FRANKFURT (Reuters) - The market rout that hit Italy last week shows that the euro zone is not yet “crisis proof” and more reforms are needed at both the national and European levels, the head of Germany’s central bank said on Tuesday.
Investors are nervous about Italy’s new anti-establishment government, which has promised to increase spending, cut taxes and challenge European treaties, raising questions about the country’s long-term future in the euro.
“The currency union is not yet crisis proof in a durable way,” Jens Weidmann told an audience in Brussels. “The financial market turbulence in Italy over the past week illustrates that.”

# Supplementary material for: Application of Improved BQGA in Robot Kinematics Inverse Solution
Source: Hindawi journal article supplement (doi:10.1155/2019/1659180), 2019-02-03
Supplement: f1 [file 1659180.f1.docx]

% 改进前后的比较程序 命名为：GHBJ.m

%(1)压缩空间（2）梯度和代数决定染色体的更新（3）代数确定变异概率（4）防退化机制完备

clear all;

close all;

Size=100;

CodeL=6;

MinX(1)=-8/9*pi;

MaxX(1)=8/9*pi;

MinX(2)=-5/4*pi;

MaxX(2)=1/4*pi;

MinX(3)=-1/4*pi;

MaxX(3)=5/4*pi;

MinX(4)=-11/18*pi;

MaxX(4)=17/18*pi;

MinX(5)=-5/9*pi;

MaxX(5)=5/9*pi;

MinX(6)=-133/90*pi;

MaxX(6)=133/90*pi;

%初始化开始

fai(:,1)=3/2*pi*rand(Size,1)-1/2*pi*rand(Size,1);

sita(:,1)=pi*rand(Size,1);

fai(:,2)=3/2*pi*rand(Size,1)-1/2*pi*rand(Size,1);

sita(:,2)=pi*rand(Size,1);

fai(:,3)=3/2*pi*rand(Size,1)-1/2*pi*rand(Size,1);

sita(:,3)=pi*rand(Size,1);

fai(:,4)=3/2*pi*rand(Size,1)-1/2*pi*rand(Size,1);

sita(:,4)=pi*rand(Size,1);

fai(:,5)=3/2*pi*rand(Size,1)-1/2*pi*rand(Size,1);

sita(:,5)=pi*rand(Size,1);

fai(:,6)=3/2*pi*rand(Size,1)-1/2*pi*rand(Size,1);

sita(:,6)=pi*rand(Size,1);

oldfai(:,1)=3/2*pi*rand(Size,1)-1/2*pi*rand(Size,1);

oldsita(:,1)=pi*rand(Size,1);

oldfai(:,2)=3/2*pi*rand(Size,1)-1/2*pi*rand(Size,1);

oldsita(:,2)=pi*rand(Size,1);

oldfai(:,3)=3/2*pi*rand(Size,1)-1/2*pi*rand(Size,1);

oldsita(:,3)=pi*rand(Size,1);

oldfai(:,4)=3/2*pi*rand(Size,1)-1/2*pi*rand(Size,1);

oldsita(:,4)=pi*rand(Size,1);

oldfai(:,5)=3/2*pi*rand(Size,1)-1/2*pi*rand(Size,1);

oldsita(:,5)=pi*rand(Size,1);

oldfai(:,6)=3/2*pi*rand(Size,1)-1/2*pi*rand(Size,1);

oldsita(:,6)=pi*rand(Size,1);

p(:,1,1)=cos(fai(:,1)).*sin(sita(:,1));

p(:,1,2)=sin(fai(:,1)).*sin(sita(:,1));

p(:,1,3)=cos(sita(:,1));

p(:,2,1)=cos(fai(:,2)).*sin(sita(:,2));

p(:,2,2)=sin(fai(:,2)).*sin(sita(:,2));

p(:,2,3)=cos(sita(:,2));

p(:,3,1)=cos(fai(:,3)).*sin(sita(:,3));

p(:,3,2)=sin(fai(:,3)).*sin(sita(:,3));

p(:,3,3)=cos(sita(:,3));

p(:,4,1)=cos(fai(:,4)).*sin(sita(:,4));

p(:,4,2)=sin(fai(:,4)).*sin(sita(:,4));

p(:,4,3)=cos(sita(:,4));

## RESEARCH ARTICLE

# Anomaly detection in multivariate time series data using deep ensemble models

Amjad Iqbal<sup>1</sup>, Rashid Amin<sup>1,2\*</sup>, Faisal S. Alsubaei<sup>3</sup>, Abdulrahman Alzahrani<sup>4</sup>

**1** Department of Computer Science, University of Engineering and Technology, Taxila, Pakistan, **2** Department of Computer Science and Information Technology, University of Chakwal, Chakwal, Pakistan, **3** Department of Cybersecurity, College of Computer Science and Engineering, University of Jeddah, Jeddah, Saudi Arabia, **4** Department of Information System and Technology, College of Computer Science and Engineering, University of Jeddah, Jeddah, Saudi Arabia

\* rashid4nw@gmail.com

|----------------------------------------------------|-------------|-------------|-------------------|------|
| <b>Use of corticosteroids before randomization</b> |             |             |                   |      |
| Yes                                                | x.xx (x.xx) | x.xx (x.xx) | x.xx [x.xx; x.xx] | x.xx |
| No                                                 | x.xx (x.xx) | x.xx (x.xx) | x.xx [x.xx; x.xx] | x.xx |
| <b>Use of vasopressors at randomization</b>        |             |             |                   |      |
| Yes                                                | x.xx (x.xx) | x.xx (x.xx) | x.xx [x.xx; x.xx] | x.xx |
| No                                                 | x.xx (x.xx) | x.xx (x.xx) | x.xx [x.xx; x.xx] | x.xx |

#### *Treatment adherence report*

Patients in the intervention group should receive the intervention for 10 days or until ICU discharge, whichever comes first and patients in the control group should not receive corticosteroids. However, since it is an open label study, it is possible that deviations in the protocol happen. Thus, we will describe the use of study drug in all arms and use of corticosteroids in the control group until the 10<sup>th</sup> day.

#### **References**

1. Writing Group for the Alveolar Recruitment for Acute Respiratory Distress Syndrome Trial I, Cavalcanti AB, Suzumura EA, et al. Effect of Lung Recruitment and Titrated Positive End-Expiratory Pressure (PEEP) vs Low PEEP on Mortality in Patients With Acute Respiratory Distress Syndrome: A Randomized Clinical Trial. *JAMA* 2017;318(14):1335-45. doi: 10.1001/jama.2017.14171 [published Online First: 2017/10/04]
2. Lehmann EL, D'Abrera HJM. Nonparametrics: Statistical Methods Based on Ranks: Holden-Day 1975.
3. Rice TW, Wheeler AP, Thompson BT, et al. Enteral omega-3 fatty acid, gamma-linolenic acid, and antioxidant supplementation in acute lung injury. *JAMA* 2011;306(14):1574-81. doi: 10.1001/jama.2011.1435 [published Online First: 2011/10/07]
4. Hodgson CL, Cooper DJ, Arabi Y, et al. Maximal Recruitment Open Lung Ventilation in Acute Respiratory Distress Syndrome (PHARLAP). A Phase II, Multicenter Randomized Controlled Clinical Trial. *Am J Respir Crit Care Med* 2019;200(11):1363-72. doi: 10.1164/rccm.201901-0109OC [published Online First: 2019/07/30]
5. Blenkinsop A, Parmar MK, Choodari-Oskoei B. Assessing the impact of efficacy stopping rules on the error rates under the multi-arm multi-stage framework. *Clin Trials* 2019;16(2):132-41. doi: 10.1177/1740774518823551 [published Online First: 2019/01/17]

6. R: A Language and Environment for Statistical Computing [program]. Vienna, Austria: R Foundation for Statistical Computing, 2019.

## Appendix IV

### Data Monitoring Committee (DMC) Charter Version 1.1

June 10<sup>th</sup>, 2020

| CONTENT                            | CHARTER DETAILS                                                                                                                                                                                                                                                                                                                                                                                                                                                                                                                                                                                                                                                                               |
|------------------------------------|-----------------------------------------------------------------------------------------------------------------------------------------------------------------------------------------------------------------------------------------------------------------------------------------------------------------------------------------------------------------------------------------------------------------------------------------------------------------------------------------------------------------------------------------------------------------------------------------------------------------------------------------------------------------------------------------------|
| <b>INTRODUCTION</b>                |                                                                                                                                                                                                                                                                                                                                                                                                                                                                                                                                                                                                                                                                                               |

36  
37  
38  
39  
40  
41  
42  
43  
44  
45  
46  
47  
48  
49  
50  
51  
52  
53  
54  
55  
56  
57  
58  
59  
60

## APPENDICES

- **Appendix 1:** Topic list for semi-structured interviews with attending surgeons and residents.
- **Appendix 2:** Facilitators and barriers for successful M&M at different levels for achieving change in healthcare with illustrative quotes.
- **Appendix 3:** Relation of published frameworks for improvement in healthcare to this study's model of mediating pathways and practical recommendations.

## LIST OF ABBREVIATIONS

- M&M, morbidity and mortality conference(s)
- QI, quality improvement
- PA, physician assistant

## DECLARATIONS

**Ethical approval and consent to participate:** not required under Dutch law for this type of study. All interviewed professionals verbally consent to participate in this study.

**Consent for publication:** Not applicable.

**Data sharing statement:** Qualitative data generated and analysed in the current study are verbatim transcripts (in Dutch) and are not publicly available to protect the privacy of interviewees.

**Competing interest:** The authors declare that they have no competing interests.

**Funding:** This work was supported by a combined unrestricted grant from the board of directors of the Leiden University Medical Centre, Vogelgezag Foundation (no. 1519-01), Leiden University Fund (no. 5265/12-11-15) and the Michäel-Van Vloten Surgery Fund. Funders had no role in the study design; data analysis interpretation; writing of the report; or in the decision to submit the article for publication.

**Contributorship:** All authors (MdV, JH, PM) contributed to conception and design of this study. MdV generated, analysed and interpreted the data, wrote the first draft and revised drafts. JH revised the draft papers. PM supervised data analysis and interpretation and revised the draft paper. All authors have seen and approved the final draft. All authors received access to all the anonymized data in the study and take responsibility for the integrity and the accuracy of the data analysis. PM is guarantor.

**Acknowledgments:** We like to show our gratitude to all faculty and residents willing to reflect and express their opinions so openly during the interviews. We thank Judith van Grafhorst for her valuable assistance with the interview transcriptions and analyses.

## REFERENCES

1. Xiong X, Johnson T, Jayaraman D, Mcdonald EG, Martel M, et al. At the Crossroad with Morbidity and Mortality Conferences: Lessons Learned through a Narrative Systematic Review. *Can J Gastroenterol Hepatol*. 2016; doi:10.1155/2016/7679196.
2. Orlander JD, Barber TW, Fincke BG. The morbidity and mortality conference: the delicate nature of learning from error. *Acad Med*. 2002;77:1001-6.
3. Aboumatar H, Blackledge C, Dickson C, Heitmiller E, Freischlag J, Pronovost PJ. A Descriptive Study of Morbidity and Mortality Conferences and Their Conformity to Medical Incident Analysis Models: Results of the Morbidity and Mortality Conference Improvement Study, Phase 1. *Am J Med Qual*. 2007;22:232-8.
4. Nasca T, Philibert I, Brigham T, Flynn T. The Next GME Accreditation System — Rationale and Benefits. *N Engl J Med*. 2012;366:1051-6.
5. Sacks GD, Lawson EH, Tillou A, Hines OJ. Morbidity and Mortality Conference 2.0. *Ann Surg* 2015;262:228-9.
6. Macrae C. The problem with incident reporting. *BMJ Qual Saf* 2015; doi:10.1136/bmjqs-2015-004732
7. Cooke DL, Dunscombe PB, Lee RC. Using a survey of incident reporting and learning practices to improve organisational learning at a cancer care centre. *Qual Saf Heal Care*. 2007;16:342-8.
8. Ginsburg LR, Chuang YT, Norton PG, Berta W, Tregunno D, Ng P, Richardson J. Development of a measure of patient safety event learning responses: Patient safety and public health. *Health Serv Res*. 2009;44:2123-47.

He said it would be “tragic” if the reforms and fiscal consolidation achieved during the crisis were rolled back, and he called for more.
German Chancellor Angela Merkel and French President Emmanuel Macron have promised to present a joint plan for overhauling the EU at a European Union summit on June 28-29.
Weidmann backed some of the proposals to be tabled at the summit, such as a common backstop for failing banks, but he reaffirmed his opposition to a joint insurance for deposits until balance sheets are cleaned up.
Reporting By Francesco Canepa; Editing by Gareth Jones